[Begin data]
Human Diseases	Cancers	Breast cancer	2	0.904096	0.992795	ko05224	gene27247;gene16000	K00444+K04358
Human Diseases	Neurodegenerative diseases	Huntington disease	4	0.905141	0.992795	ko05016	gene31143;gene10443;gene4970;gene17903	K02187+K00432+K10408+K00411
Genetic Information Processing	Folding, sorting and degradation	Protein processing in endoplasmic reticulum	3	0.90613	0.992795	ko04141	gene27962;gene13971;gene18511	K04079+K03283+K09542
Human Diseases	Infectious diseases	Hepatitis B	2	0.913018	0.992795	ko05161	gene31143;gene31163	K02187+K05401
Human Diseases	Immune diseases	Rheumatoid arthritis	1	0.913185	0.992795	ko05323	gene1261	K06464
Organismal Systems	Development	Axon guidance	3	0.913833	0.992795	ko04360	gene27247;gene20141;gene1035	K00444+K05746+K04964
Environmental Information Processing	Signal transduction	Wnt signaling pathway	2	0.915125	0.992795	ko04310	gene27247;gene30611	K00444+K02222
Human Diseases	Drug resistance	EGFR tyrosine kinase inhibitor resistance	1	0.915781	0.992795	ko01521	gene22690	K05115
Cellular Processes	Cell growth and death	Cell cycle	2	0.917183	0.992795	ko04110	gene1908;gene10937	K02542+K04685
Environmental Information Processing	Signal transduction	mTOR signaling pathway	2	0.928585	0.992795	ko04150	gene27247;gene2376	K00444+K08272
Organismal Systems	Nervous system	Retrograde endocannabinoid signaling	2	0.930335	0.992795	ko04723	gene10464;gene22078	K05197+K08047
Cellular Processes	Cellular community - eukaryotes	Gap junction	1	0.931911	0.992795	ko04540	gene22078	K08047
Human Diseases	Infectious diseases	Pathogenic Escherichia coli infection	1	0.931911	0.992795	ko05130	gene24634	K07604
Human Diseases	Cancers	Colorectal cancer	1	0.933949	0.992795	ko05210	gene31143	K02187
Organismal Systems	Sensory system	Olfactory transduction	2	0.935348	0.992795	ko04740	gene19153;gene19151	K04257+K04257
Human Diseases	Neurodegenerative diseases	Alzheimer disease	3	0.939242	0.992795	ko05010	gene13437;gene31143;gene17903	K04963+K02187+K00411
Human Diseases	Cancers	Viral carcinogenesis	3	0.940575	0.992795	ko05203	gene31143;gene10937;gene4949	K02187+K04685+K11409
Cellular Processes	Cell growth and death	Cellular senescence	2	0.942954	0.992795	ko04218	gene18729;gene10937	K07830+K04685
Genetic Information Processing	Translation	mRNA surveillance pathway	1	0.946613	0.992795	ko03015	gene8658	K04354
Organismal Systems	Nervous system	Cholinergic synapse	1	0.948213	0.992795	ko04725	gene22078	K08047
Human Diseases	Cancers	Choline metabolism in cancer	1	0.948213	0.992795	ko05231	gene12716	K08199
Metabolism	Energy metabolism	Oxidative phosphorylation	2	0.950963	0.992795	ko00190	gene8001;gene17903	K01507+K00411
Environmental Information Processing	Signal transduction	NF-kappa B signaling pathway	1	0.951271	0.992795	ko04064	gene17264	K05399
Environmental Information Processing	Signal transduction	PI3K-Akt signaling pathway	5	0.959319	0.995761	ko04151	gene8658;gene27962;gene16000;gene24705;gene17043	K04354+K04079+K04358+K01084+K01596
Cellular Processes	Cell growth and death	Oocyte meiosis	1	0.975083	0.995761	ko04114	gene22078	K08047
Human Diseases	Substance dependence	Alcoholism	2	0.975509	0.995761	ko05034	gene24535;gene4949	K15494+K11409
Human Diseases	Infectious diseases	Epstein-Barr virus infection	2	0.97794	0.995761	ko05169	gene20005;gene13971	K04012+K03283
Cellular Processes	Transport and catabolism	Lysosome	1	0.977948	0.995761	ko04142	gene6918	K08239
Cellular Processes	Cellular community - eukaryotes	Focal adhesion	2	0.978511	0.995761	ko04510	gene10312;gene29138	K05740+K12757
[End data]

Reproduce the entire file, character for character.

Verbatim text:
Human Diseases	Cancers	Breast cancer	2	0.904096	0.992795	ko05224	gene27247;gene16000	K00444+K04358
Human Diseases	Neurodegenerative diseases	Huntington disease	4	0.905141	0.992795	ko05016	gene31143;gene10443;gene4970;gene17903	K02187+K00432+K10408+K00411
Genetic Information Processing	Folding, sorting and degradation	Protein processing in endoplasmic reticulum	3	0.90613	0.992795	ko04141	gene27962;gene13971;gene18511	K04079+K03283+K09542
Human Diseases	Infectious diseases	Hepatitis B	2	0.913018	0.992795	ko05161	gene31143;gene31163	K02187+K05401
Human Diseases	Immune diseases	Rheumatoid arthritis	1	0.913185	0.992795	ko05323	gene1261	K06464
Organismal Systems	Development	Axon guidance	3	0.913833	0.992795	ko04360	gene27247;gene20141;gene1035	K00444+K05746+K04964
Environmental Information Processing	Signal transduction	Wnt signaling pathway	2	0.915125	0.992795	ko04310	gene27247;gene30611	K00444+K02222
Human Diseases	Drug resistance	EGFR tyrosine kinase inhibitor resistance	1	0.915781	0.992795	ko01521	gene22690	K05115
Cellular Processes	Cell growth and death	Cell cycle	2	0.917183	0.992795	ko04110	gene1908;gene10937	K02542+K04685
Environmental Information Processing	Signal transduction	mTOR signaling pathway	2	0.928585	0.992795	ko04150	gene27247;gene2376	K00444+K08272
Organismal Systems	Nervous system	Retrograde endocannabinoid signaling	2	0.930335	0.992795	ko04723	gene10464;gene22078	K05197+K08047
Cellular Processes	Cellular community - eukaryotes	Gap junction	1	0.931911	0.992795	ko04540	gene22078	K08047
Human Diseases	Infectious diseases	Pathogenic Escherichia coli infection	1	0.931911	0.992795	ko05130	gene24634	K07604
Human Diseases	Cancers	Colorectal cancer	1	0.933949	0.992795	ko05210	gene31143	K02187
Organismal Systems	Sensory system	Olfactory transduction	2	0.935348	0.992795	ko04740	gene19153;gene19151	K04257+K04257
Human Diseases	Neurodegenerative diseases	Alzheimer disease	3	0.939242	0.992795	ko05010	gene13437;gene31143;gene17903	K04963+K02187+K00411
Human Diseases	Cancers	Viral carcinogenesis	3	0.940575	0.992795	ko05203	gene31143;gene10937;gene4949	K02187+K04685+K11409
Cellular Processes	Cell growth and death	Cellular senescence	2	0.942954	0.992795	ko04218	gene18729;gene10937	K07830+K04685
Genetic Information Processing	Translation	mRNA surveillance pathway	1	0.946613	0.992795	ko03015	gene8658	K04354
Organismal Systems	Nervous system	Cholinergic synapse	1	0.948213	0.992795	ko04725	gene22078	K08047
Human Diseases	Cancers	Choline metabolism in cancer	1	0.948213	0.992795	ko05231	gene12716	K08199
Metabolism	Energy metabolism	Oxidative phosphorylation	2	0.950963	0.992795	ko00190	gene8001;gene17903	K01507+K00411
Environmental Information Processing	Signal transduction	NF-kappa B signaling pathway	1	0.951271	0.992795	ko04064	gene17264	K05399
Environmental Information Processing	Signal transduction	PI3K-Akt signaling pathway	5	0.959319	0.995761	ko04151	gene8658;gene27962;gene16000;gene24705;gene17043	K04354+K04079+K04358+K01084+K01596
Cellular Processes	Cell growth and death	Oocyte meiosis	1	0.975083	0.995761	ko04114	gene22078	K08047
Human Diseases	Substance dependence	Alcoholism	2	0.975509	0.995761	ko05034	gene24535;gene4949	K15494+K11409
Human Diseases	Infectious diseases	Epstein-Barr virus infection	2	0.97794	0.995761	ko05169	gene20005;gene13971	K04012+K03283
Cellular Processes	Transport and catabolism	Lysosome	1	0.977948	0.995761	ko04142	gene6918	K08239
Cellular Processes	Cellular community - eukaryotes	Focal adhesion	2	0.978511	0.995761	ko04510	gene10312;gene29138	K05740+K12757